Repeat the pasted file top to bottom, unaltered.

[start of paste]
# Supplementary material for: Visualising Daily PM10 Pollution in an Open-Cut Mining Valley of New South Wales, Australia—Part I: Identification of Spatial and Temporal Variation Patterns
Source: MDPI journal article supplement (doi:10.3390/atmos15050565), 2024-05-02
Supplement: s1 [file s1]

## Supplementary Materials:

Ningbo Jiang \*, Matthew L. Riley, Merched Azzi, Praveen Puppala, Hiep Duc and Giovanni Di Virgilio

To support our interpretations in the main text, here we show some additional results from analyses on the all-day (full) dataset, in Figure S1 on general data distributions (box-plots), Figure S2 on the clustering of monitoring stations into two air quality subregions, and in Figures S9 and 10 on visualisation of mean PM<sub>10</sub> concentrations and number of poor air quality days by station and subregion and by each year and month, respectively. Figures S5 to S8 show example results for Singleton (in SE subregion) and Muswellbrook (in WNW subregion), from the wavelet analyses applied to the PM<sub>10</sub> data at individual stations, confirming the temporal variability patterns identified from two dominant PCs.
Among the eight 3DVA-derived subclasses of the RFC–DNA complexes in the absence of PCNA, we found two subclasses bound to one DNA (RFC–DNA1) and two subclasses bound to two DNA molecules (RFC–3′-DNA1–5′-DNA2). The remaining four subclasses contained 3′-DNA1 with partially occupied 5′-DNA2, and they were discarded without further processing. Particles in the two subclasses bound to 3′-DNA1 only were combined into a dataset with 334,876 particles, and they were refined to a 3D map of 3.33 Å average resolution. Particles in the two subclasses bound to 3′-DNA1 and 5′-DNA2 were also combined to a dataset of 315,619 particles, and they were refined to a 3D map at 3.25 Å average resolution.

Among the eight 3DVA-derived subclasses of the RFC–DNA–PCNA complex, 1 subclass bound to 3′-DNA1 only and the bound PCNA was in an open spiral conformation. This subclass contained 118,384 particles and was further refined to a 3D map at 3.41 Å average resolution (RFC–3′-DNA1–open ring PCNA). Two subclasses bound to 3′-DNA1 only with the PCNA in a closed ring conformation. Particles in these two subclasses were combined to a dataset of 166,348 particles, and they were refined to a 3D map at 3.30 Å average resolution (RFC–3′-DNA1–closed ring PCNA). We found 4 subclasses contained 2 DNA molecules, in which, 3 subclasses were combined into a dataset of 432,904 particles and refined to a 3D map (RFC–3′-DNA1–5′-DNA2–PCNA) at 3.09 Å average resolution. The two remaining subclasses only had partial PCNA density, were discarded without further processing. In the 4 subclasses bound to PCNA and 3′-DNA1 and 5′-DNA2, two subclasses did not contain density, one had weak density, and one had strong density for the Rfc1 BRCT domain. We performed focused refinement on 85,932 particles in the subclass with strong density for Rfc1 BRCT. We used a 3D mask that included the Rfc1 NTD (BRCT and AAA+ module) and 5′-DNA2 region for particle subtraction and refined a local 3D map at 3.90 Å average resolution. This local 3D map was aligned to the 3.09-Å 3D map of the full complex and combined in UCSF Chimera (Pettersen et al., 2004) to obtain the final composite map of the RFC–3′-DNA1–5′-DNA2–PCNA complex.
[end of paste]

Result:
# Supplementary material for: Visualising Daily PM10 Pollution in an Open-Cut Mining Valley of New South Wales, Australia—Part I: Identification of Spatial and Temporal Variation Patterns
Source: MDPI journal article supplement (doi:10.3390/atmos15050565), 2024-05-02
Supplement: s1 [file s1]

## Supplementary Materials:

Ningbo Jiang \*, Matthew L. Riley, Merched Azzi, Praveen Puppala, Hiep Duc and Giovanni Di Virgilio

To support our interpretations in the main text, here we show some additional results from analyses on the all-day (full) dataset, in Figure S1 on general data distributions (box-plots), Figure S2 on the clustering of monitoring stations into two air quality subregions, and in Figures S9 and 10 on visualisation of mean PM<sub>10</sub> concentrations and number of poor air quality days by station and subregion and by each year and month, respectively. Figures S5 to S8 show example results for Singleton (in SE subregion) and Muswellbrook (in WNW subregion), from the wavelet analyses applied to the PM<sub>10</sub> data at individual stations, confirming the temporal variability patterns identified from two dominant PCs.
Among the eight 3DVA-derived subclasses of the RFC–DNA complexes in the absence of PCNA, we found two subclasses bound to one DNA (RFC–DNA1) and two subclasses bound to two DNA molecules (RFC–3′-DNA1–5′-DNA2). The remaining four subclasses contained 3′-DNA1 with partially occupied 5′-DNA2, and they were discarded without further processing. Particles in the two subclasses bound to 3′-DNA1 only were combined into a dataset with 334,876 particles, and they were refined to a 3D map of 3.33 Å average resolution. Particles in the two subclasses bound to 3′-DNA1 and 5′-DNA2 were also combined to a dataset of 315,619 particles, and they were refined to a 3D map at 3.25 Å average resolution.

Among the eight 3DVA-derived subclasses of the RFC–DNA–PCNA complex, 1 subclass bound to 3′-DNA1 only and the bound PCNA was in an open spiral conformation. This subclass contained 118,384 particles and was further refined to a 3D map at 3.41 Å average resolution (RFC–3′-DNA1–open ring PCNA). Two subclasses bound to 3′-DNA1 only with the PCNA in a closed ring conformation. Particles in these two subclasses were combined to a dataset of 166,348 particles, and they were refined to a 3D map at 3.30 Å average resolution (RFC–3′-DNA1–closed ring PCNA). We found 4 subclasses contained 2 DNA molecules, in which, 3 subclasses were combined into a dataset of 432,904 particles and refined to a 3D map (RFC–3′-DNA1–5′-DNA2–PCNA) at 3.09 Å average resolution. The two remaining subclasses only had partial PCNA density, were discarded without further processing. In the 4 subclasses bound to PCNA and 3′-DNA1 and 5′-DNA2, two subclasses did not contain density, one had weak density, and one had strong density for the Rfc1 BRCT domain. We performed focused refinement on 85,932 particles in the subclass with strong density for Rfc1 BRCT. We used a 3D mask that included the Rfc1 NTD (BRCT and AAA+ module) and 5′-DNA2 region for particle subtraction and refined a local 3D map at 3.90 Å average resolution. This local 3D map was aligned to the 3.09-Å 3D map of the full complex and combined in UCSF Chimera (Pettersen et al., 2004) to obtain the final composite map of the RFC–3′-DNA1–5′-DNA2–PCNA complex.